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Local Government Bills Head To Senate Floor

Sen. Jeremy Trebas figures he might see his face on a campaign postcard sooner or later with an attack: “‘Jeremy Trebas wanted to raise your property taxes in an unlimited manner.’” But Trebas, a Great Falls Republican, has a rationale for pitching Senate Bill 548, and Democrats and other Republicans joined him in sponsoring it.

SB 548, heard on Friday, March 31, and passed out of committee the same day on a 9-3 vote, eliminates a mill levy restriction for local governments.

Currently, local governments calculate property tax levies at half the rate of inflation the last three years — and the math creates a problem, Trebas said.

“You’re always going to be keeping up at best by half, I guess, is the best way to say it,” he said.

At the hearing, Sen. Russ Tempel, R-Chester, wanted to know the reason the bill seemed to have odd bedfellows as sponsors, people he said were on the “way right” or “way left.”

Other sponsors are Sen. Christopher Pope, D-Bozeman, and Rep. Ed Butcher, R-Winifred.

Trebas said he shopped the bill around, and it was a tough sell. However, at the meeting, Sen. Mary Ann Dunwell, D-Helena, asked if she too could join as a sponsor too.

The bill is among three dealing with local government coffers that made it out of committee and will be heard on the Senate floor Monday on second reading.

Senate Bill 523 would change the way local governments can use tax increment finance districts.

Local governments use those districts as an economic development tool to temporarily invest the tax growth of an area back into that district. The idea is the temporary shot in the arm pays dividends down the road for public coffers as the area revitalizes.

Proponents argue the districts are one of the only levers local governments have to influence urban renewal and add value to the tax base, including in places that are expensive environmental cleanup sites.

Opponents argue they pull too much money from schools, are used too liberally and for too long, and can go to support larger companies that don’t need help.

Sponsor Sen. Greg Hertz, R-Polson, said some local governments have been using the tool to provide “corporate welfare” to out-of-state corporations wanting to develop in Montana. And Hertz, chairperson of the Senate Taxation Committee, said some districts seem like they’re “living forever.”

As amended, the bill would allow districts to run for 30 years instead of 40, it would remove school levies from the calculation, and it would limit administrative costs. It also would limit urban renewal districts to cover not more than 7% of the total taxable value of an entire taxing jurisdiction.

Senate Bill 511, by Sen. Daniel Zolnikov, R-Billings, also changes the way local governments can grow and pay for services. At the hearing, just two people spoke in favor of the bill, and many representatives from local government and economic development opposed it.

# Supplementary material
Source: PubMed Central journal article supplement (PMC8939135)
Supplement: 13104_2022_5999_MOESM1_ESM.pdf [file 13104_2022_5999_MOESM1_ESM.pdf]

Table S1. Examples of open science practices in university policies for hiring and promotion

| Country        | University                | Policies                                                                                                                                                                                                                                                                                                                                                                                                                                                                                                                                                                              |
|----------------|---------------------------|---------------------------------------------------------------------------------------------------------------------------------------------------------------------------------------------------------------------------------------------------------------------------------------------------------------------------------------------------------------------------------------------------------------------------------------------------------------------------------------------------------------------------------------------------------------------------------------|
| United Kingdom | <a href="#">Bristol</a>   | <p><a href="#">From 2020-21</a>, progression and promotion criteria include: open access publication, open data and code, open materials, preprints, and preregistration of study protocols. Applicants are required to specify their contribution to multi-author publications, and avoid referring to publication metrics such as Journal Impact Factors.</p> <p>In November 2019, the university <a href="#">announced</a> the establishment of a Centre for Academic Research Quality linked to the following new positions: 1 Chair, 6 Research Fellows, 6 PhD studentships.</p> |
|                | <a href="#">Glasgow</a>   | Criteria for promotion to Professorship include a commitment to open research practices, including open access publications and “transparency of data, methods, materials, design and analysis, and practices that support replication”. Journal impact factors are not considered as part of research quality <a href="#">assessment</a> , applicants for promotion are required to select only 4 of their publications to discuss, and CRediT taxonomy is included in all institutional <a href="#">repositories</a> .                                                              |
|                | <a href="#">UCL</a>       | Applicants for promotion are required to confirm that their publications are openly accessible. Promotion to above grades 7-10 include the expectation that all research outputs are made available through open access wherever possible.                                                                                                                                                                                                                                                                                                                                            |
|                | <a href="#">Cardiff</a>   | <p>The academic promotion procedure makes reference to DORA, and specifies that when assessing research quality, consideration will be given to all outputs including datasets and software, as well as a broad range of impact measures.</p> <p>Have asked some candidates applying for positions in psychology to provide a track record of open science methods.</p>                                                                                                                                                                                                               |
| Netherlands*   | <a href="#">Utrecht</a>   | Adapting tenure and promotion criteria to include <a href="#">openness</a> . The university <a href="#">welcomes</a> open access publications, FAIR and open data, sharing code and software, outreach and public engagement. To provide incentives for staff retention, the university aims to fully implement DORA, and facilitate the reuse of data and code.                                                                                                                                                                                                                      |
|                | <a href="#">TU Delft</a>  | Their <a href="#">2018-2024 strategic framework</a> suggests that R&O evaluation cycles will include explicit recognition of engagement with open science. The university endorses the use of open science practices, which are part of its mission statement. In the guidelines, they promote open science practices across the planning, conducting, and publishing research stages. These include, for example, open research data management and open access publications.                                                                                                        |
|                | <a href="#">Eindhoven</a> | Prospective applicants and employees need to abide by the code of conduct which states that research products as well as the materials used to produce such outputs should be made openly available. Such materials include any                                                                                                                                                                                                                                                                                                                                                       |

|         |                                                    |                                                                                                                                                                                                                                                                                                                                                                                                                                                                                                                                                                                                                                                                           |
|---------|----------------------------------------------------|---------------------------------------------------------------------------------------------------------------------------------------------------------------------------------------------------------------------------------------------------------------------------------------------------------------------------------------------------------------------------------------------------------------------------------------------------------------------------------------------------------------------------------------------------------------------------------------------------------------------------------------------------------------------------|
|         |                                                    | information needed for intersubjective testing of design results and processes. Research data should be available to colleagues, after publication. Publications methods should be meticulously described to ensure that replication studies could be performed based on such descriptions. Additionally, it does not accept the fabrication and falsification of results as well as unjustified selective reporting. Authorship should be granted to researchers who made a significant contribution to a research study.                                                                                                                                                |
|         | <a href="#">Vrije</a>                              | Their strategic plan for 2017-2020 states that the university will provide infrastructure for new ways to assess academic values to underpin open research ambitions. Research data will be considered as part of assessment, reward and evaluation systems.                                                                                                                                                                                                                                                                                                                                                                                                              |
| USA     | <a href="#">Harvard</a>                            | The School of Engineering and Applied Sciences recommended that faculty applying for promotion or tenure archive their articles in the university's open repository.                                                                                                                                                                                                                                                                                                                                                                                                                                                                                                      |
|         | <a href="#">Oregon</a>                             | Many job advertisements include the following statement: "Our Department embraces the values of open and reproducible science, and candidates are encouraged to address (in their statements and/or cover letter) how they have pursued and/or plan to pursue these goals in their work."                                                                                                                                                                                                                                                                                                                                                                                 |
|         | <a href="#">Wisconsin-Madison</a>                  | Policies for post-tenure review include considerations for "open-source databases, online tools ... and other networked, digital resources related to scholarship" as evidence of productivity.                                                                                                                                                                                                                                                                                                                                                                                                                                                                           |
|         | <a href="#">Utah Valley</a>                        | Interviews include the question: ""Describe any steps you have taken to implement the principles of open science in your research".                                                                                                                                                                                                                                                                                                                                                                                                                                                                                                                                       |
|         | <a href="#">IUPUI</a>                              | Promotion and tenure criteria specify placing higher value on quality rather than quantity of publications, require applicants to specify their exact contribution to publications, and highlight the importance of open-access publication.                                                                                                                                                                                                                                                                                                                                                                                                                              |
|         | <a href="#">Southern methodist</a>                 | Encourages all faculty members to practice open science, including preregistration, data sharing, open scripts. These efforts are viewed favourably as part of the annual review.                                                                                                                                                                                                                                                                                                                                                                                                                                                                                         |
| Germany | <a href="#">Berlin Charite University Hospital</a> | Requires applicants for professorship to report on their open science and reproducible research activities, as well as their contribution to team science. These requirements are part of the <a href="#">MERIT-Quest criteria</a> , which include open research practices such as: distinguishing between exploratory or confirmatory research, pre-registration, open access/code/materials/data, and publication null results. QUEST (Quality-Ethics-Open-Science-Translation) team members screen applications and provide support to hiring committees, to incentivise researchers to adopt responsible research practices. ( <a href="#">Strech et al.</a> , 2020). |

The Governor’s Office spoke in support of the bill as a way to cap the fiscal growth of local governments and put sideboards on how much they can grow their budgets. The idea was that doing so would limit how fast property taxes increase for residents and businesses.

However, representatives from local governments said growth isn’t because local elected officials are irresponsible. Rather, they argued the growth comes in part because voters support new spending for items such as libraries, and it also comes from pulling in federal grants.

As amended, the bill does away with the limit on local government levies increasing at half the rate of inflation. Instead, it sets the property tax increase to the average rate of inflation, not to exceed 4 percent a year.

It also limits the amount of newly taxable value a local government can assess to 50 percent. And it adds a revenue cap on a local government’s mill levy authority of 4.75 percent from the previous year.

Montana doesn’t have a sales tax, and at the meeting, people raised that issue as a solution the state still needs to consider. Initially, the bill limited the amount of newly taxable value a local government could assess to 25 percent, and opponents said without being able to tap new growth, local governments couldn’t pay for things like new police officers and firefighters given the tax structure in Montana.

Another bill also heard Friday proposed a local option sales tax, but that one, Senate Bill 551, was tabled in the Senate Tax Committee.

Proposed by Sen. Pope, SB 551 would have allowed Montana’s largest cities to vote to implement an up to 3 percent tax on “tourism-oriented goods and services” in their communities, with 50 percent of the revenue going to property tax relief. It had similarities to the state’s resort tax.

Bob Story, executive director of the Montana Taxpayers Association, opposed the bill, but he said taxpayers are overburdened, and members of the committee were in an unenviable position.

The bill would create great relief and provide another source of revenue for five cities, he said. But what happens to everyone else? Would the population in those cities then support another tax in the future to fix the problem for the rest of Montana?

“You have a tough decision to make,” Story said.

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